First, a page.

For example, we work on Academic Learning Activities from 9-11:30 every day. But for those 2.5 hours, I don’t care what order the subjects go in or how long we spend on each one.
Suppose that today we start with a beginning sounds game. My son loves it and wants to play it for a full hour. When he starts getting restless, I switch to something else. Maybe working on Spanish numbers. Yesterday he learned Spanish for a long time, so today he says he’s bored with that after only 5 minutes. No worries! Let’s sing our days of the week song and a few rhyming songs while talking about rhymes and end sounds. He loves singing, so even though we just do a few songs, he wants to sing them several times, and the whole “class” takes 15 minutes. Then maybe we go on a nature walk and continue talking about the different seasons and weather. Maybe he loves discussing every flower and pine cone we see, and our walk lasts an hour. Maybe he gets too hot or tired after 20 minutes and wants to go home. It’s not a big deal!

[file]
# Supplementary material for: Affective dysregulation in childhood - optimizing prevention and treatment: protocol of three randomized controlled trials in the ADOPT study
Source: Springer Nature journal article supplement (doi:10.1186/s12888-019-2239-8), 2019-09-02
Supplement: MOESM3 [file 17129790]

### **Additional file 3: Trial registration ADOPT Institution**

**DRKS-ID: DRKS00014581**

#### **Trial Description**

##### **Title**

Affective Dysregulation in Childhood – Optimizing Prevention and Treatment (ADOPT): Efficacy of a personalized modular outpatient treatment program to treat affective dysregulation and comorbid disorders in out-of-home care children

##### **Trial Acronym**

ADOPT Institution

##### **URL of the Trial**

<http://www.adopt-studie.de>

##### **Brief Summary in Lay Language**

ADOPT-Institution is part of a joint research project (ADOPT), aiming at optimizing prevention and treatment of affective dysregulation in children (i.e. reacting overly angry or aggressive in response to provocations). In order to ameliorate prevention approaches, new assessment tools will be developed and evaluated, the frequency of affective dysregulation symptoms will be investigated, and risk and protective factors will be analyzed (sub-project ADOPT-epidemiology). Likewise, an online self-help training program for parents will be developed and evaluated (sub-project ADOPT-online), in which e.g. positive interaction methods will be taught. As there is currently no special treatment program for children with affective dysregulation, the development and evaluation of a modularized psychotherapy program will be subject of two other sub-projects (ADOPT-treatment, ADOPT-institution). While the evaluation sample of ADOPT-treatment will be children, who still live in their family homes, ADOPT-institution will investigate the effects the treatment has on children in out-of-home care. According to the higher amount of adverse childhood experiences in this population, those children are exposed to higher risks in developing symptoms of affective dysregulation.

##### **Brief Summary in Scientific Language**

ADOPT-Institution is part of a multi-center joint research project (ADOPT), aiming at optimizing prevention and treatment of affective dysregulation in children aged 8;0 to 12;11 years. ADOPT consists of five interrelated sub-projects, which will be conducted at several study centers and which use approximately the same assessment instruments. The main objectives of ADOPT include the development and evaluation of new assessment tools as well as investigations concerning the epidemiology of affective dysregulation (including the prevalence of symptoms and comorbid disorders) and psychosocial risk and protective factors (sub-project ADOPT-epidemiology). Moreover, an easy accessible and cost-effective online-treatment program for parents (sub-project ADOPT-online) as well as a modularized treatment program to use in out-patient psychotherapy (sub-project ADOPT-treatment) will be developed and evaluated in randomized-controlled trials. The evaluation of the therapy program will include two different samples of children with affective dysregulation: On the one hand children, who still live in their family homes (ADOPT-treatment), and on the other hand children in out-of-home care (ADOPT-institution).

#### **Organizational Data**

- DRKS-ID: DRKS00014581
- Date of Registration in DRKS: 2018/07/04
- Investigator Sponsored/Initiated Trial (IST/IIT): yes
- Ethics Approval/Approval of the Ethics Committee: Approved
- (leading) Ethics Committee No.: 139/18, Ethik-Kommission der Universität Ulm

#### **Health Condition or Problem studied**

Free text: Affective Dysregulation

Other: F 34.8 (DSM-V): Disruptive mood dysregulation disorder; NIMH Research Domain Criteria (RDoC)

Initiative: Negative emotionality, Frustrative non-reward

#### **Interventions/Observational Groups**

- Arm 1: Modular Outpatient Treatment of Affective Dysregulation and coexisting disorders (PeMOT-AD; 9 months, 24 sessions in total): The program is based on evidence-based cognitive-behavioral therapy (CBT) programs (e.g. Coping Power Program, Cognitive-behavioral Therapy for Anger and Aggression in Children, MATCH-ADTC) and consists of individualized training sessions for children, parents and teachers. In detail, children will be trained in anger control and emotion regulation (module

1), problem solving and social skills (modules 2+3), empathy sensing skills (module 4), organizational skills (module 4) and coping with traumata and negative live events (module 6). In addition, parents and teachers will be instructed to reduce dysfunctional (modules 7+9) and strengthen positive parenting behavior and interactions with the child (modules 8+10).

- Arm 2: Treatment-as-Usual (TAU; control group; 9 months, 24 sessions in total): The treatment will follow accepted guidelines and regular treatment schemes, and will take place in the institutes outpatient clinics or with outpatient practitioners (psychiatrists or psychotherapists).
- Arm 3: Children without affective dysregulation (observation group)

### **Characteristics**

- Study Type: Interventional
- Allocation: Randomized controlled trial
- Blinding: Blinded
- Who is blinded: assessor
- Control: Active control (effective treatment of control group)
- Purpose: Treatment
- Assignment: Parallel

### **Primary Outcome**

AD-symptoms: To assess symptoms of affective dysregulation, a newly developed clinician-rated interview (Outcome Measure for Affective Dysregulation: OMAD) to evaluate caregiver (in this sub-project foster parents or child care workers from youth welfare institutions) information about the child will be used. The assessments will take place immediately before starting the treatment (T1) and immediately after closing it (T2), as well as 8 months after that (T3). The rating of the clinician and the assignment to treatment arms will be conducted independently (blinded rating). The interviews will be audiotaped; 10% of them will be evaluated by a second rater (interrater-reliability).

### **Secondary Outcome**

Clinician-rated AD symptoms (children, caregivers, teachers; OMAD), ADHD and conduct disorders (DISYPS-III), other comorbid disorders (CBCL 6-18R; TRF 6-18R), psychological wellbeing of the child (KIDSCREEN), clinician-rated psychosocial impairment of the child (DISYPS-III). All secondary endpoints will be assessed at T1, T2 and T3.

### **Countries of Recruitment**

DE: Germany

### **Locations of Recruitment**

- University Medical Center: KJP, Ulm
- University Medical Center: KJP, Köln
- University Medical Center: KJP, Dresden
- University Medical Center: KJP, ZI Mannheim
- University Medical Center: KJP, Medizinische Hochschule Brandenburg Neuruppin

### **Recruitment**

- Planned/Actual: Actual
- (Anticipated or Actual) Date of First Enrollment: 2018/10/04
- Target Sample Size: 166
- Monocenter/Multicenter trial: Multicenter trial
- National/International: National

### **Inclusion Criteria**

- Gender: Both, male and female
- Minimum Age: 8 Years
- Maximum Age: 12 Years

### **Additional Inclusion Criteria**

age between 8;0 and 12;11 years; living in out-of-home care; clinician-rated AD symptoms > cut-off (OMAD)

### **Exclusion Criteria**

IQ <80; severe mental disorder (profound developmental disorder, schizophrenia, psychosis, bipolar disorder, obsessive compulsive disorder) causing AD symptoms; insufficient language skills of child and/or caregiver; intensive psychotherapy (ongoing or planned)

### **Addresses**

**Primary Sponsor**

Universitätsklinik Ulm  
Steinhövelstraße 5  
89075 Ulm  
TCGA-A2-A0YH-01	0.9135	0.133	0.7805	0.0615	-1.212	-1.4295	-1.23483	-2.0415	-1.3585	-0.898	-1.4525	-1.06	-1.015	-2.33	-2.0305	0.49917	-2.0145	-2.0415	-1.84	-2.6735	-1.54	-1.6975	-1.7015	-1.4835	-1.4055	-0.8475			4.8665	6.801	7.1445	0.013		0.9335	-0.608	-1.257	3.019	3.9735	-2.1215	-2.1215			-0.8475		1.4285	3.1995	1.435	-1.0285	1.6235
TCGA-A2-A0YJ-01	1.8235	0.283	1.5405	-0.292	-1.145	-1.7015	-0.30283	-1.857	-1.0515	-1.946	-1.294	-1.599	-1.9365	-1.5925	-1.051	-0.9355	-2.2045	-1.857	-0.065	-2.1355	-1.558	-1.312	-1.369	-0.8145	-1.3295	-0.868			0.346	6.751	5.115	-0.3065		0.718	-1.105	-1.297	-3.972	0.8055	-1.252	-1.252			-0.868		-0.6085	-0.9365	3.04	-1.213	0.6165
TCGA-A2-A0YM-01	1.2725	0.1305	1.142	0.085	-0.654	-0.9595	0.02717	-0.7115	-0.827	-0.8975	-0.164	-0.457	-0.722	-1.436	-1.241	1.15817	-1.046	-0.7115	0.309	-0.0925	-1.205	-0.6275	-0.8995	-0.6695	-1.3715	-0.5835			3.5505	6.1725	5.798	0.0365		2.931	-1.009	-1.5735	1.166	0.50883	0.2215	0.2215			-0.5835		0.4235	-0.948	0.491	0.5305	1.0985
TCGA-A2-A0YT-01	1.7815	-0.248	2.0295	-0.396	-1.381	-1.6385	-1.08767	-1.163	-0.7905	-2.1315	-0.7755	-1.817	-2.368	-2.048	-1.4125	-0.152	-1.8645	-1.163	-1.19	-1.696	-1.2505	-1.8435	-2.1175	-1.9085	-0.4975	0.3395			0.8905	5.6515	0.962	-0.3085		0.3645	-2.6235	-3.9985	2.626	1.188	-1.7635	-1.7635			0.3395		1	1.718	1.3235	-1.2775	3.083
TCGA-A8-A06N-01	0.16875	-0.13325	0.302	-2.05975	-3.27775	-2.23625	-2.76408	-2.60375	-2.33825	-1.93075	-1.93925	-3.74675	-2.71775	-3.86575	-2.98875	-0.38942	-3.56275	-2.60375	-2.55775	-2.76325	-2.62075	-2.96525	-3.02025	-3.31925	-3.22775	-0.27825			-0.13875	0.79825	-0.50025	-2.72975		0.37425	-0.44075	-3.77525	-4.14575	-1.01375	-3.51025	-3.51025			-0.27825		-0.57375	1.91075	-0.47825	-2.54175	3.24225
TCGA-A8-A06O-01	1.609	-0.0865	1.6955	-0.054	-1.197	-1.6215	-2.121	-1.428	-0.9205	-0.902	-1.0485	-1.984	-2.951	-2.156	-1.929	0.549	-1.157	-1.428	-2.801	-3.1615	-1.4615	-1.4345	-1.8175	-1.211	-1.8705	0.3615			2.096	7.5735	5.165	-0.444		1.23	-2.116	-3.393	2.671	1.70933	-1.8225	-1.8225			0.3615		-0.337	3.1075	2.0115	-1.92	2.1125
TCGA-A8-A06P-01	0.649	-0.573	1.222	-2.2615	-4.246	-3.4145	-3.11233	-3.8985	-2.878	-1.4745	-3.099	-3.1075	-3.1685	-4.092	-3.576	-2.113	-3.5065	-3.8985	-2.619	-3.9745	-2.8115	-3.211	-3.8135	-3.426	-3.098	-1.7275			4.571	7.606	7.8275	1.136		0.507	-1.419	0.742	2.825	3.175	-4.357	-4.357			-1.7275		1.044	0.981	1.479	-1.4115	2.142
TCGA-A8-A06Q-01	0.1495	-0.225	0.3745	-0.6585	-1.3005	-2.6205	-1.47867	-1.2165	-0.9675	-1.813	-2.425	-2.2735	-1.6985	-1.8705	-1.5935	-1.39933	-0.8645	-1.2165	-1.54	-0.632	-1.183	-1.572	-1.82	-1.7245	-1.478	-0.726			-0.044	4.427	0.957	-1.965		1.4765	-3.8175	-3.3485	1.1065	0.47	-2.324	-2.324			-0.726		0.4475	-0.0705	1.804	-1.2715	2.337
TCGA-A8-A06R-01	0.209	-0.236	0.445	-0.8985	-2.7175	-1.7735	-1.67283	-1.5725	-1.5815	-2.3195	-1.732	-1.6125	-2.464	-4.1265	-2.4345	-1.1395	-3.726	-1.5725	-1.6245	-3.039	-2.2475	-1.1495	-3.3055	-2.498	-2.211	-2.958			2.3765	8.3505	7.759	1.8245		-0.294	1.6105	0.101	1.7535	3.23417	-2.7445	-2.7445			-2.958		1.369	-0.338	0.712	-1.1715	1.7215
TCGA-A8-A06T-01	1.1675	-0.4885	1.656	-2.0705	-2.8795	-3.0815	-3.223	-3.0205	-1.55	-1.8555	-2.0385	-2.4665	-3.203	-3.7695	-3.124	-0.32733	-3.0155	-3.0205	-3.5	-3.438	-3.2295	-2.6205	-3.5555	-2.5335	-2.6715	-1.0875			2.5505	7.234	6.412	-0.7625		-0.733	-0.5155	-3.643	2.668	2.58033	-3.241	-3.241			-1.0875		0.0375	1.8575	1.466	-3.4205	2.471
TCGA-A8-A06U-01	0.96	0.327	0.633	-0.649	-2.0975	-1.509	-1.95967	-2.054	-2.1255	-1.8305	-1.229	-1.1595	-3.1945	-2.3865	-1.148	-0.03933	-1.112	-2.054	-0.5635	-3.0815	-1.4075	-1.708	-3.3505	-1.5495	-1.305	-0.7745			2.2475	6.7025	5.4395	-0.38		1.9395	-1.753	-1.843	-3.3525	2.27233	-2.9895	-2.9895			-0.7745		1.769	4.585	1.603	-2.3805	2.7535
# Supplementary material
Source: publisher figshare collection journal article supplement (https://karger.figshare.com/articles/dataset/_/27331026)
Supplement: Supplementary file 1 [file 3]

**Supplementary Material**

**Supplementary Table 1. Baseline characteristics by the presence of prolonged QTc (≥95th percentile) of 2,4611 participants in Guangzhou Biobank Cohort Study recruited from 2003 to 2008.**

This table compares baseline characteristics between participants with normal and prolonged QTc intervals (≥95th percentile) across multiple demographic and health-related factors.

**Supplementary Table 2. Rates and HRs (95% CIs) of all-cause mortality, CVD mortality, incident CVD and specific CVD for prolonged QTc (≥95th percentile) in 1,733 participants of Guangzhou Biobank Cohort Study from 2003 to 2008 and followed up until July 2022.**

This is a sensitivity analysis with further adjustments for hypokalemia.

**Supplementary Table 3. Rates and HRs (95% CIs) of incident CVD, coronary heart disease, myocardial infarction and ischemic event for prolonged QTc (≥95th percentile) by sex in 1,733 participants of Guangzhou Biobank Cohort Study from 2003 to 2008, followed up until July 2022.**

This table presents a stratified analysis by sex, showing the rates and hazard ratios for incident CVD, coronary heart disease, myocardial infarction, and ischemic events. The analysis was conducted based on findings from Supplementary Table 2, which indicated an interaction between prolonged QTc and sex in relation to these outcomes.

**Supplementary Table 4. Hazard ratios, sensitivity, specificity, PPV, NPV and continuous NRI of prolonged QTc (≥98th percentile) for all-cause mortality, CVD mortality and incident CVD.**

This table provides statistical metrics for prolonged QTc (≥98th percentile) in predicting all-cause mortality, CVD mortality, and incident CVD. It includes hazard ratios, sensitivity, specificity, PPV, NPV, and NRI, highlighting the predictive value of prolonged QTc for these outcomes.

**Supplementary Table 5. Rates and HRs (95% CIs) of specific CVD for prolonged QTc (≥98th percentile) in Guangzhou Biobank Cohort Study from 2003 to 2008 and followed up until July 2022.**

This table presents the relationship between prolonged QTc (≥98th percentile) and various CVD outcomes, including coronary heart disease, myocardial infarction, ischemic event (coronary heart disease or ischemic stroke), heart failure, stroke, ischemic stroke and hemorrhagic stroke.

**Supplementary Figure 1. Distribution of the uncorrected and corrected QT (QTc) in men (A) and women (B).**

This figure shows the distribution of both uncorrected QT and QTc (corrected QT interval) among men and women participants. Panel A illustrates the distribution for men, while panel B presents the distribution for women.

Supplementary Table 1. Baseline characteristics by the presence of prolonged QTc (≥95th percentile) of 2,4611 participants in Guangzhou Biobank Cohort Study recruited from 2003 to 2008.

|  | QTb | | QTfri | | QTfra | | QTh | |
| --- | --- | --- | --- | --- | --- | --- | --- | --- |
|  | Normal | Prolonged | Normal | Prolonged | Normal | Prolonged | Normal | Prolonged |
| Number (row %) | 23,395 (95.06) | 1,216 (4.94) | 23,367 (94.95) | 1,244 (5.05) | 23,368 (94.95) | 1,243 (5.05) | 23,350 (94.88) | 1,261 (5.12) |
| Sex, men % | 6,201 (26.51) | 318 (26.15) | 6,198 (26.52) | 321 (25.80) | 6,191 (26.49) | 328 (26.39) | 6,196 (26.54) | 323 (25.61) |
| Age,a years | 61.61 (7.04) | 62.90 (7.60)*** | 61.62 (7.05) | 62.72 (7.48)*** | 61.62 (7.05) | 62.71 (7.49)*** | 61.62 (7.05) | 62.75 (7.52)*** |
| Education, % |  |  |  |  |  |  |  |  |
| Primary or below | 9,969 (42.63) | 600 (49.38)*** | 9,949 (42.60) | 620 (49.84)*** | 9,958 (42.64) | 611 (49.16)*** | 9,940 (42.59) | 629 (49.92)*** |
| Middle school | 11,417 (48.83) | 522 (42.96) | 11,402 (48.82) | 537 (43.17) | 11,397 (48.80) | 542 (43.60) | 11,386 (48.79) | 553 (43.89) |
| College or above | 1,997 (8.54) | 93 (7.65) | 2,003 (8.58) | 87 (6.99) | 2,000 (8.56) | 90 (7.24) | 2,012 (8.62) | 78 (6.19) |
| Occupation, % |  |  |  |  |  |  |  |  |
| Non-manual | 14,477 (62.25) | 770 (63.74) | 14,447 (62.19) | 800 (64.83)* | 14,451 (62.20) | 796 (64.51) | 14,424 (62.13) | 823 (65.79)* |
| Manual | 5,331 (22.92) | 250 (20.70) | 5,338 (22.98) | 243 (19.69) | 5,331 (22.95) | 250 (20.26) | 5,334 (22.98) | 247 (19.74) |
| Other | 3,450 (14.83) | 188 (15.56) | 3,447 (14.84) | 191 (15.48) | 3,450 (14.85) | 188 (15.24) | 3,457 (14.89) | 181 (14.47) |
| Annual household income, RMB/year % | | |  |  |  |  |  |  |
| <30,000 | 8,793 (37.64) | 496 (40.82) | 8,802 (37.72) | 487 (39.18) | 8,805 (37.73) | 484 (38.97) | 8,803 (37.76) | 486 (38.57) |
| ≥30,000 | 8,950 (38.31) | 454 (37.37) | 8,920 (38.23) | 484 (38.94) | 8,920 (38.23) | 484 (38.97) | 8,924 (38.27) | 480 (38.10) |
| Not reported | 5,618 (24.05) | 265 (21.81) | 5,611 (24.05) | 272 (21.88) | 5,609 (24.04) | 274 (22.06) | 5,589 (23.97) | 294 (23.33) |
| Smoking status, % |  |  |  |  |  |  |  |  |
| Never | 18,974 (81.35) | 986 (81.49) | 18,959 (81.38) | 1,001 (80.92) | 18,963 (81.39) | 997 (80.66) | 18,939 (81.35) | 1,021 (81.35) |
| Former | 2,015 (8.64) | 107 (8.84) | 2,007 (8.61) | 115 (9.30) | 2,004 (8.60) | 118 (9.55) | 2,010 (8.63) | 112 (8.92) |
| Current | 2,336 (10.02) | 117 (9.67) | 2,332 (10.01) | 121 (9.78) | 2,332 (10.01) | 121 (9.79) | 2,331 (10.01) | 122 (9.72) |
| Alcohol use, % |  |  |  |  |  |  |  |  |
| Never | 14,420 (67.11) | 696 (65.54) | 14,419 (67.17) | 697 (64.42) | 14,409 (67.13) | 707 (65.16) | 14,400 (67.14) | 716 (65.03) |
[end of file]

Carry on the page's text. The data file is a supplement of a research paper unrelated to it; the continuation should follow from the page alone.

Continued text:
We mostly follow the unschooling philosophy, so I design learning activities around what HE’S interested in and how HE feels that day. I don’t try to force him to learn something if he’s not into it. He’ll get there eventually!
A syllabus and year schedule should be created at the beginning of each school year. We should follow what the syllabus says we’re supposed to do each week and month.